While organizations are dipping their toes into newer technologies such as social networking as a means to communicate with consumers, traditional tools particularly SMS (short message service) is still proving to be an integral outreach tool.
According to Shalini Verma, principal analyst at Gartner, SMS, MMS (multimedia messaging) and voice-related technologies are perceived as traditional, and newer tools such as social media have "come up and taken over".
"There are traditional tools that have been perceived as outdated because when we come from a smartphone standpoint--the high-end devices--definitely some of these [older communication] tools are not a big focus," Verma noted in a phone interview.
In Southeast Asia, the analyst noted, people want to use social media but do not have the devices to access their accounts, so the reliance on SMS to update their social networks is not uncommon.
Rebekah Russell-Bennett, professor at the School of Advertising, Marketing and Public Relations in Queensland University of Technology's business faculty, pointed out that SMS is "not at all" an outdated means of communication as it is "currently the only technology that most, if not all, of the population" can access.
"You're looking at a tool that's convenient, that is cheap, that people already know how to use, and the majority of people regardless of race, age, economic situation, income...have access to," Russell-Bennett said.
The professor found SMS to be a particularly relevant tool in a recent initiative she was involved in, known as Mumbubconnect. Run in conjunction with the Australian Breastfeeding Association over eight weeks, Mumbubconnect was designed to be an SMS-supported scheme for new mothers, where they were asked to rate their breastfeeding experience using standard responses. The system would then follow up with a programmed reply based on advice from the association. If a mother indicated she was not coping well, the system would flag an alert for a breastfeeding counselor to intervene with a phone call.
According to Russell-Bennett, prior to the trial, mothers had indicated during focus group sessions that SMS was not only an easy way to obtain information, they could also respond at their own convenience and would not be as embarrassed as "it's not a real person at the other end of the line 'speaking to' you".
While social media was also tapped for the campaign, its use was more complementary and SMS was "far more private", she noted. In addition, people could not always get access the Internet where and when they wanted to, so SMS proved a good alternative, said Russell-Bennett.
She added that the text messaging platform can also be particularly important in times of crisis such as the floods in Queensland early this year, as "the Internet is the first thing you're not able to get access to" in such scenarios. However, she acknowledged that mobile networks can be impacted as well, as was the case in March's earthquake and tsunami in Japan, during which mobile access was interrupted and many used Internet access to communicate with loved ones and share updates of the disaster.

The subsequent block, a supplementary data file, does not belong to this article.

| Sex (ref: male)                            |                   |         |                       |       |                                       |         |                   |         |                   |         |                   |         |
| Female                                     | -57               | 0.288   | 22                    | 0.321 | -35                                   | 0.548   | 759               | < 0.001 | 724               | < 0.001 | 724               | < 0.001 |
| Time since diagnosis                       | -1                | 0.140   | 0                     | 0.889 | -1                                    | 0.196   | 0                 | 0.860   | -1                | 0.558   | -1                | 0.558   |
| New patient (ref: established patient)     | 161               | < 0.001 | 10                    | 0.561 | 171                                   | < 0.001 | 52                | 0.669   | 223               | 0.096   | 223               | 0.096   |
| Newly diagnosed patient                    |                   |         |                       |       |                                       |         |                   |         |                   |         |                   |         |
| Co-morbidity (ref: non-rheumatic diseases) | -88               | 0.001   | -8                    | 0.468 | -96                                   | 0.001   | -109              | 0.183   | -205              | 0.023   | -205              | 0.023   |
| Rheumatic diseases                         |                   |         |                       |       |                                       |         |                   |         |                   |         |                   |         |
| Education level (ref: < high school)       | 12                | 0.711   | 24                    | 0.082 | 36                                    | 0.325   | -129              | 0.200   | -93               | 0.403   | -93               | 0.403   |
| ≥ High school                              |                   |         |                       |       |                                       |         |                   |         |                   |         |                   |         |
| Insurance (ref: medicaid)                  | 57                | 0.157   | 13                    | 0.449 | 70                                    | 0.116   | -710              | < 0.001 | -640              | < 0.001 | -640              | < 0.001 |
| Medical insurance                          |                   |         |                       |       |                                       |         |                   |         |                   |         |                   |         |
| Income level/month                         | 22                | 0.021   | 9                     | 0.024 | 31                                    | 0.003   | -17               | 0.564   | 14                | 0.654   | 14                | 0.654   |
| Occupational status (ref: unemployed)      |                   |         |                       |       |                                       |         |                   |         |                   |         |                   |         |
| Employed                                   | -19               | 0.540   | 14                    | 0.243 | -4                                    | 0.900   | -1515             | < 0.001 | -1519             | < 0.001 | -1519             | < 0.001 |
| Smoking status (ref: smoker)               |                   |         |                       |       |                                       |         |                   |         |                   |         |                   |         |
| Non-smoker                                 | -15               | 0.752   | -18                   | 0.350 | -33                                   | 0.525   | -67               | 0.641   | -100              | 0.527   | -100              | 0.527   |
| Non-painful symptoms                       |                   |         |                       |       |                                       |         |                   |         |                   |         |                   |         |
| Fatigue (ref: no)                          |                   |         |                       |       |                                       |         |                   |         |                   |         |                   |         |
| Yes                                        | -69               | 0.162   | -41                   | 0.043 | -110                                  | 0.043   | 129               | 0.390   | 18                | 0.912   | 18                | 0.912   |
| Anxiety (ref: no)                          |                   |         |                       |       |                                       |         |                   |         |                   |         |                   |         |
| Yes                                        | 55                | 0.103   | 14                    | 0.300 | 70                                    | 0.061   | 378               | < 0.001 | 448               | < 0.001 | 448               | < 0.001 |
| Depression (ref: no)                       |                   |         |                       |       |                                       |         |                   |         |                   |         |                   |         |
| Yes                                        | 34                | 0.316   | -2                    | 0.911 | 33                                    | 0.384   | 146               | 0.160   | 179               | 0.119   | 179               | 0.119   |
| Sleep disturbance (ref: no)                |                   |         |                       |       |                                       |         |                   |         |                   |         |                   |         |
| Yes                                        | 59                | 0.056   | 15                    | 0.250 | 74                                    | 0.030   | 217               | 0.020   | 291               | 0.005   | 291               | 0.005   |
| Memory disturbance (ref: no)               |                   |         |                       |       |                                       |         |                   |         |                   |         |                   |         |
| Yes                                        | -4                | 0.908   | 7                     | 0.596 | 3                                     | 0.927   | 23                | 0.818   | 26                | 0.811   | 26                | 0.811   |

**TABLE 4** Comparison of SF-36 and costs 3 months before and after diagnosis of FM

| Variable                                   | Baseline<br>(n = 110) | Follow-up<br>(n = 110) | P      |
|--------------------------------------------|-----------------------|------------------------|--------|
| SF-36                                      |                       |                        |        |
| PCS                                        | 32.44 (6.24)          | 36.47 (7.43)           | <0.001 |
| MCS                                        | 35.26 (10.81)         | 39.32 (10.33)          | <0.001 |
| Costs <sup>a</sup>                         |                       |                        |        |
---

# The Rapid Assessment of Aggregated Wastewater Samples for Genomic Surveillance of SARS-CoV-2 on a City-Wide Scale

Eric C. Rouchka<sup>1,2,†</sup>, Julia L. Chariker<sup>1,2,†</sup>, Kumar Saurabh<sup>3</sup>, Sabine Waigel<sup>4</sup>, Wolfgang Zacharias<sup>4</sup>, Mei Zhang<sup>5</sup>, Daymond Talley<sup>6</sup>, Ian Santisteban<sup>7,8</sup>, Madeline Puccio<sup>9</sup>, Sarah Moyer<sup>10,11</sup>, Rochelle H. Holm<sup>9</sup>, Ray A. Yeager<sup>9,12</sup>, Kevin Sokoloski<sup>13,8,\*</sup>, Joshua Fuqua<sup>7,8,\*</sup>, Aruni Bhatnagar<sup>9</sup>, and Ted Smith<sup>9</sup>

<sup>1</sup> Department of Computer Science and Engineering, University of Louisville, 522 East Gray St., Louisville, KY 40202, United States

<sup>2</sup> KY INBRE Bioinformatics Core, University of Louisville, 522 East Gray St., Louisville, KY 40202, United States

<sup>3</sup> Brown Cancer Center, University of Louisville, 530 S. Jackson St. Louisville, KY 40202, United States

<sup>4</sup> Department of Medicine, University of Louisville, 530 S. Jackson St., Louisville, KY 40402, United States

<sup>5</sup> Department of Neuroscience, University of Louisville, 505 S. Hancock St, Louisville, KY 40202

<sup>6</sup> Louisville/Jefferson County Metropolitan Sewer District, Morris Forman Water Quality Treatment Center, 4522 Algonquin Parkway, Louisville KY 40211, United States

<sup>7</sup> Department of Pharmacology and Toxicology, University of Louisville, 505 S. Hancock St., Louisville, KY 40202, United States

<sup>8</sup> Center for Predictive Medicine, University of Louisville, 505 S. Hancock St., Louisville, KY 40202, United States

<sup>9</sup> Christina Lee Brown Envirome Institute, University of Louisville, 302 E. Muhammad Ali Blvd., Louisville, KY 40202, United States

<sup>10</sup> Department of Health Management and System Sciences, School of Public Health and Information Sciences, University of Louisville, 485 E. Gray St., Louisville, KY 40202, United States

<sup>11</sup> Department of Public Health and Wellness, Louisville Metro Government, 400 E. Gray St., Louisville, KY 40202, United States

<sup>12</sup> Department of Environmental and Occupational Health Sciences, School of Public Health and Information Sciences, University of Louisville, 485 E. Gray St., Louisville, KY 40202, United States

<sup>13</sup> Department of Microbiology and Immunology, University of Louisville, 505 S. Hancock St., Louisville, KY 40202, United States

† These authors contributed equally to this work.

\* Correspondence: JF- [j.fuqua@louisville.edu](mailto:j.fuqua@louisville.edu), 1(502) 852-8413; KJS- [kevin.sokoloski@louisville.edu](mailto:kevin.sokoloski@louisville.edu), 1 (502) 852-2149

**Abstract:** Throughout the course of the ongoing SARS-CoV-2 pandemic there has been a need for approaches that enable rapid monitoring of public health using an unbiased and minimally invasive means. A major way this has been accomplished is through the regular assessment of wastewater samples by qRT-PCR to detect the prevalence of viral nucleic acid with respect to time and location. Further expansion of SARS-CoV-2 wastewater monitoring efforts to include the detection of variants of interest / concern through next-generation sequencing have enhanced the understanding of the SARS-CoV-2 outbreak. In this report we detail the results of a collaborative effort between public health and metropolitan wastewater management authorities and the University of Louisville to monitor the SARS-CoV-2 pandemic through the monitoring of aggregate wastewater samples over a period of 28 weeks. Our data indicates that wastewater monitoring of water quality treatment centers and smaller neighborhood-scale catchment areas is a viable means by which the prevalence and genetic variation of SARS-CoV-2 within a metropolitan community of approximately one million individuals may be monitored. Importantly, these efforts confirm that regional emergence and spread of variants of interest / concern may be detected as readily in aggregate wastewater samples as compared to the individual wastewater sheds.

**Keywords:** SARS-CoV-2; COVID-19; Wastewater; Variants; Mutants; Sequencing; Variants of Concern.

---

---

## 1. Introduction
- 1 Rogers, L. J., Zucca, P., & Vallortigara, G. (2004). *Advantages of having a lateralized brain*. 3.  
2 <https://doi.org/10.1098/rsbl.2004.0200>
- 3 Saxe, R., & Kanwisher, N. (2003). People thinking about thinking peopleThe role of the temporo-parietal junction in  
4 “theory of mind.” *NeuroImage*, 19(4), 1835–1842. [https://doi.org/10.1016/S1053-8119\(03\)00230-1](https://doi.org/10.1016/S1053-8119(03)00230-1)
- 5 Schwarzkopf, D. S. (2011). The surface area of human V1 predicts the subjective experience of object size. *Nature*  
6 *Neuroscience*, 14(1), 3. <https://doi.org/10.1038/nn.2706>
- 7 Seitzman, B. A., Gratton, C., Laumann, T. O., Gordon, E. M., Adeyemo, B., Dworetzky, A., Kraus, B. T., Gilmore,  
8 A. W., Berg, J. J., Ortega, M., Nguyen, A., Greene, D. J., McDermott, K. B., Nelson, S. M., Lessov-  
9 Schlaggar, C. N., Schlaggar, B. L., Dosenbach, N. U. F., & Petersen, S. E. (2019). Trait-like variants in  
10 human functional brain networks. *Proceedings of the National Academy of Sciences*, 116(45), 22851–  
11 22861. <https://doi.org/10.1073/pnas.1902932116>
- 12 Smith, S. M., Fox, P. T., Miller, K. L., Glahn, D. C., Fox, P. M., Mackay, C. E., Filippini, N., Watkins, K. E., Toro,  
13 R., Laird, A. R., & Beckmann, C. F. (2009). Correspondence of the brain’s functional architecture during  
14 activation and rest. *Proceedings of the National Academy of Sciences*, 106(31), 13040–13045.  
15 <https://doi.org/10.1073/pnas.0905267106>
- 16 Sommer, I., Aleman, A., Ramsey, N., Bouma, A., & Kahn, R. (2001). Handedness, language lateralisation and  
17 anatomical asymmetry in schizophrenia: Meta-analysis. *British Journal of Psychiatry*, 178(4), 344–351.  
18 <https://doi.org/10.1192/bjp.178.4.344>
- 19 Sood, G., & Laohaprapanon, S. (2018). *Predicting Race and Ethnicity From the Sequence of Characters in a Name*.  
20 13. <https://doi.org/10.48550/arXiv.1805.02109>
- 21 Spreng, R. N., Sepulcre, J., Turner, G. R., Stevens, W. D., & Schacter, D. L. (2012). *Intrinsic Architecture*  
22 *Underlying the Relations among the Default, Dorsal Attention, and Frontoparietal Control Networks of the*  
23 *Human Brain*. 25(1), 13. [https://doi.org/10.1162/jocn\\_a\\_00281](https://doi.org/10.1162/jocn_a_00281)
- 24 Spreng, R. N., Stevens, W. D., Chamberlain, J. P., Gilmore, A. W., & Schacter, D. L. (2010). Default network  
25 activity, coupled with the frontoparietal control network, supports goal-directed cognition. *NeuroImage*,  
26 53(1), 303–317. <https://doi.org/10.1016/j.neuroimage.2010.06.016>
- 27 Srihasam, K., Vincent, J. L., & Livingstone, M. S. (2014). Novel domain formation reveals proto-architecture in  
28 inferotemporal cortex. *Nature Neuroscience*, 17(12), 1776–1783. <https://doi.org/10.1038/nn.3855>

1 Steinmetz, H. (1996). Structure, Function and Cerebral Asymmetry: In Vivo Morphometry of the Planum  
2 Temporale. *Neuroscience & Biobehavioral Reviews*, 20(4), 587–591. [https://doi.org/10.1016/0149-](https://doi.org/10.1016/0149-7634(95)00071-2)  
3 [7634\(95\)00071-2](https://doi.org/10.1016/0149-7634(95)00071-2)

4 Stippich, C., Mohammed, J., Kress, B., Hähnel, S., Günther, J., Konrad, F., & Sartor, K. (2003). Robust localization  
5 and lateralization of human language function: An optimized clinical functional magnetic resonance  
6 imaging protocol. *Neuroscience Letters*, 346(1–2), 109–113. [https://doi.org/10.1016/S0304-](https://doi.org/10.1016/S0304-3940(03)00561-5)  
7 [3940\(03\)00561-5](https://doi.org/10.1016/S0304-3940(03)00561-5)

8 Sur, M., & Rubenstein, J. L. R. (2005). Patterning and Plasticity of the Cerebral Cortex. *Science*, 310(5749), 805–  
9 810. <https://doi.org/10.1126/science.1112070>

SMS also an internal tool
Over in Singapore, local telcos told ZDNet Asia that SMS use remains healthy.
A SingTel spokesperson said in an e-mail: "SMS services continue to be popular with businesses for personal communications, as well as communications with customers and employees."
M1 noted, also in an e-mail, that overall SMS traffic continues to grow, in part due to the ease of use and accessibility of the technology.
Singapore-based Raffles Medical Group uses SMS to remind patients of medical appointments as well as solicit feedback from first-time patients, a spokesperson said. The organization, which runs a hospital and network of clinics in the city-state, described SMS as a "suitable medium for private information such as medical appointments" and a fast and easy way to draw a response from patients, she shared in an e-mail.
The use of SMS is not limited to these purposes, she added, noting that Raffles Medical Group will continue to explore ways to tap the technology further for the business.
Tanmoy Chakrabarty, vice president and head of government industry solutions unit at Tata Consultancy Services, said SMS has been integrated into enterprise workflows where notifications are generated to inform users about project status or alert them of unusual or critical developments.
Messaging comeback in mature markets
Gartner's Verma noted that while SMS traditionally has been a cheap medium and worked extremely well in emerging markets, it has "limitations in terms of how compelling the messaging experience is". This has led to the evolvement of mobile messaging, a service that "sits somewhere between SMS and instant messaging" and one that is particularly relevant in markets more mature in their use of technology.
It is easy, for instance, to rally people using mobile messaging, Verma said, pointing to the recent riots in the United Kingdom.
The Blackberry Messenger has worked very well for Research In Motion in terms of driving adoption and creating a community, the analyst added, noting that the mobile messaging ecosystem also includes Apple with its new iMessage platform as well as cross-platform application players such as WhatsApp.
"The use is more compelling and more intuitive, and that is why people have latched on to [this new wave of mobile messaging]," said Verma. "Service providers are feeling that SMS is becoming a bit obsolete and, therefore, are looking at ways to add on more capabilities on top of it, [which is why you]…have SMS linked to social media."
At the same time, Internet giants, particularly Facebook, are strengthening their messaging capabilities, she added.
Going forward, messaging will also not be restricted to text, and can incorporate video or VoIP (voice-over-Internet Protocol), she said.